A bipartisan Senate bill introduced Monday would require cameras in the Supreme Court — a longstanding controversy that has heightened as the court prepares to consider President Obama's healthcare law.
Sens. Dick Durbin (D-Ill.) and Chuck Grassley (R-Iowa) introduced the bill ahead of a hearing Tuesday in the Senate Judiciary Committee.
"Nine Justices have a tremendous amount of influence on the lives of the people of this country, yet people know very little about the highest court in our country," Grassley said in a statement. "In fact, next year, the Supreme Court will hear arguments about a law that has the potential to impact every American."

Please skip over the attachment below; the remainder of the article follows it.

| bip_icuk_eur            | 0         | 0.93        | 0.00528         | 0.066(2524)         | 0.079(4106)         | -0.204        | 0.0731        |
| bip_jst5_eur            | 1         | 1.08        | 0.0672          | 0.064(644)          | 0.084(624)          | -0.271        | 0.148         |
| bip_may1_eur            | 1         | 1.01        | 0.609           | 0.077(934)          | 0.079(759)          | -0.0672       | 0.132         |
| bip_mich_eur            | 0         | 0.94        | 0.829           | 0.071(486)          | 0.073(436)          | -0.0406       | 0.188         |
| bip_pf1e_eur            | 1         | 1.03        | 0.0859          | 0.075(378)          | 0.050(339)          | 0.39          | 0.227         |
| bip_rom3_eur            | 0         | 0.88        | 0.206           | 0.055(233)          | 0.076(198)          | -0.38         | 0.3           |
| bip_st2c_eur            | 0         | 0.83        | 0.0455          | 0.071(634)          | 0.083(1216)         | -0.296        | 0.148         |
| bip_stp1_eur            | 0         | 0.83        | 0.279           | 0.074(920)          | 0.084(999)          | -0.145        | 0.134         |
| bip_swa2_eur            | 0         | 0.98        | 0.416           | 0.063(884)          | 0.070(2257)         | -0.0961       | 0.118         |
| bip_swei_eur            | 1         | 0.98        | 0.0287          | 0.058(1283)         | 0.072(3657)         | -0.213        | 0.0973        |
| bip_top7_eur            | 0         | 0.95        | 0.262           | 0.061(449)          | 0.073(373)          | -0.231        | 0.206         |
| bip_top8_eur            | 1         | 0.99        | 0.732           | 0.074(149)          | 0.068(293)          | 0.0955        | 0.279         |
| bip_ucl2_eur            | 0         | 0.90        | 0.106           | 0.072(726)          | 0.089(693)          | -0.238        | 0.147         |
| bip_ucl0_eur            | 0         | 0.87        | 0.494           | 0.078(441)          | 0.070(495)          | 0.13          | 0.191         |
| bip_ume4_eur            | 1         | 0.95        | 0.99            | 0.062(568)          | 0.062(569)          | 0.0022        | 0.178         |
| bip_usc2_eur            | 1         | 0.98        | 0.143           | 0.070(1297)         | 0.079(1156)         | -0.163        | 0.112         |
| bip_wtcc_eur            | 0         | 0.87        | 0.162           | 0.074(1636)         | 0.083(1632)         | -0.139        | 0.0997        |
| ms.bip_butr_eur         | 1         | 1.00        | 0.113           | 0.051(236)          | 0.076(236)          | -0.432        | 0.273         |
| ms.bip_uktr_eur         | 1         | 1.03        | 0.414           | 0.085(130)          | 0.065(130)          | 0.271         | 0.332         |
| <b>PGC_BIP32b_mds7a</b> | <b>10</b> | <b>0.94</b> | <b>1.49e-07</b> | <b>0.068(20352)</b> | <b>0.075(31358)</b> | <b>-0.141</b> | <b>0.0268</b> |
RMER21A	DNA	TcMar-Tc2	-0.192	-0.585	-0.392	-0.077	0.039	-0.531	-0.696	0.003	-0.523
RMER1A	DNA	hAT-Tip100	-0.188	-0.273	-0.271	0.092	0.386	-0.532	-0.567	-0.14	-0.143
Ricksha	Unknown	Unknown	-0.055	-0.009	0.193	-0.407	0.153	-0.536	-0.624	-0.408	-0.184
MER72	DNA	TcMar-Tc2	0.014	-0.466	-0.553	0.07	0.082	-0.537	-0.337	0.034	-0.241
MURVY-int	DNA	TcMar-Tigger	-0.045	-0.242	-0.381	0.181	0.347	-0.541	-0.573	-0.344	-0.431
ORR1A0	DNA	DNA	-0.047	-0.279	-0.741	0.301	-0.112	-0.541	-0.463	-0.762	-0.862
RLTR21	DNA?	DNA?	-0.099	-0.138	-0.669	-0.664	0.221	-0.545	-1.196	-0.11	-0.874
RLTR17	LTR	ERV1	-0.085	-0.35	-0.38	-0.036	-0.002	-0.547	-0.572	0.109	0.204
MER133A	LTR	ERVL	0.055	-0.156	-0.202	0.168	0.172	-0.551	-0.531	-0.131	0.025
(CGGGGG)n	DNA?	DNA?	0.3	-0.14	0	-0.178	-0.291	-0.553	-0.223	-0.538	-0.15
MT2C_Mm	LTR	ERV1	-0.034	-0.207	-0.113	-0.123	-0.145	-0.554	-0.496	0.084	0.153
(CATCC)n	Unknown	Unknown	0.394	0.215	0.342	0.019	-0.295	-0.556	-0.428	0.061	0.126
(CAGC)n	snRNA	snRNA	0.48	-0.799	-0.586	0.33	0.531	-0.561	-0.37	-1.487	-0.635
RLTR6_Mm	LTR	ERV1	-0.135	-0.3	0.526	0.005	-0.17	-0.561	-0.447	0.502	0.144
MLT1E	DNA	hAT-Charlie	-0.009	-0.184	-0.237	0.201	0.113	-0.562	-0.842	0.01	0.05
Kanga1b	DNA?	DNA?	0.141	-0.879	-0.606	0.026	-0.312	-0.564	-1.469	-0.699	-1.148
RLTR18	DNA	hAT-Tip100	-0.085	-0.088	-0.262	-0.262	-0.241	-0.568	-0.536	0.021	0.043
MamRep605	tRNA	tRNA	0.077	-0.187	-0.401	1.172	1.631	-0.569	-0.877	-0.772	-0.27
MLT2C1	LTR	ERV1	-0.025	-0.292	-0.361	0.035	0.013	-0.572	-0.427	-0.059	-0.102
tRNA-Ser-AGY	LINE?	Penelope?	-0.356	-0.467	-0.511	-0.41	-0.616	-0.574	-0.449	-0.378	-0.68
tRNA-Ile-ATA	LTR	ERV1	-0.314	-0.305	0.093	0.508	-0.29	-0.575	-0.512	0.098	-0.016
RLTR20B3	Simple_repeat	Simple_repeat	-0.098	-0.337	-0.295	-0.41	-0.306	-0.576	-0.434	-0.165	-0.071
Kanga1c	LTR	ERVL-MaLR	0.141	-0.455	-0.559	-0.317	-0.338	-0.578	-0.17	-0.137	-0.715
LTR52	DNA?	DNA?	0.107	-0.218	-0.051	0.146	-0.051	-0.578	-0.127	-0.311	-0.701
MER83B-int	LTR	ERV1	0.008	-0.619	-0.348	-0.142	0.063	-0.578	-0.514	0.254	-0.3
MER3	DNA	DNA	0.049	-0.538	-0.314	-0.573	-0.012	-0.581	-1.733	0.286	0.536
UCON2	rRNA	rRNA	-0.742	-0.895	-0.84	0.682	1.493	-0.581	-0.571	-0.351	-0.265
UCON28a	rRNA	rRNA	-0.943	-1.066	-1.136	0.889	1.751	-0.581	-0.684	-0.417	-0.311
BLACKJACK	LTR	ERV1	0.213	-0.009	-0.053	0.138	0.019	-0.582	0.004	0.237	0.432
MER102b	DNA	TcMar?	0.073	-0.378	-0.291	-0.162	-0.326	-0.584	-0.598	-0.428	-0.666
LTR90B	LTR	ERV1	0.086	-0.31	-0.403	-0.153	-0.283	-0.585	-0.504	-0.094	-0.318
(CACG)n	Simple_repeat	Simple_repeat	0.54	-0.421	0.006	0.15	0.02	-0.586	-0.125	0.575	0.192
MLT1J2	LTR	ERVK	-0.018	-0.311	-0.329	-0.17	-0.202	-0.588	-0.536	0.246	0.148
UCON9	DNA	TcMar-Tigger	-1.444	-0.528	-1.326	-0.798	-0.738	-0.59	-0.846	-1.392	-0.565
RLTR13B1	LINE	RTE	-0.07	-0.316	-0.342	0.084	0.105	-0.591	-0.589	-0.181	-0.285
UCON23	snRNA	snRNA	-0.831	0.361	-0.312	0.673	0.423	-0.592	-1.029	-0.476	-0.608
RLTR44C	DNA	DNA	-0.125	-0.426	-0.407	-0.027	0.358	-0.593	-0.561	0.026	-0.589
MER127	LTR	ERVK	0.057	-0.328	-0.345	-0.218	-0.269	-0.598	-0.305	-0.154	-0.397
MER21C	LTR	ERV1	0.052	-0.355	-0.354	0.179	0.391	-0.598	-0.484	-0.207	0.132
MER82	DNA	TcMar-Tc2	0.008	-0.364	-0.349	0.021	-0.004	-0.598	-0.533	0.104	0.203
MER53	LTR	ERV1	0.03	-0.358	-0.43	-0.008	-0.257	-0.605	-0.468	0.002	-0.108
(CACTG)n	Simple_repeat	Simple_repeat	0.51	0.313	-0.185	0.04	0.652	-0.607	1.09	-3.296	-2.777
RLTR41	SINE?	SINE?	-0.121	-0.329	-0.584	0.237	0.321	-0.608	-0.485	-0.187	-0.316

The high court has scheduled nearly six hours of oral arguments about the healthcare reform law — a modern record. Arguments are expected in March and a ruling is likely to come next summer. Twenty-six states and the National Federation of Independent Business sued over the law's requirement that almost all Americans purchase health insurance, saying it's unconstitutional.
C-SPAN has asked the Supreme Court to allow cameras in the courtroom for the healthcare arguments, even if it's only a one-time deviation from the court's ban on televised proceedings. Several lawmakers have joined that push.
Durbin and Grassley's bill would only apply to court proceedings that are already open to the public. It would not, for example, require cameras in the private conferences at which the justices discuss how they will rule and which cases they should take.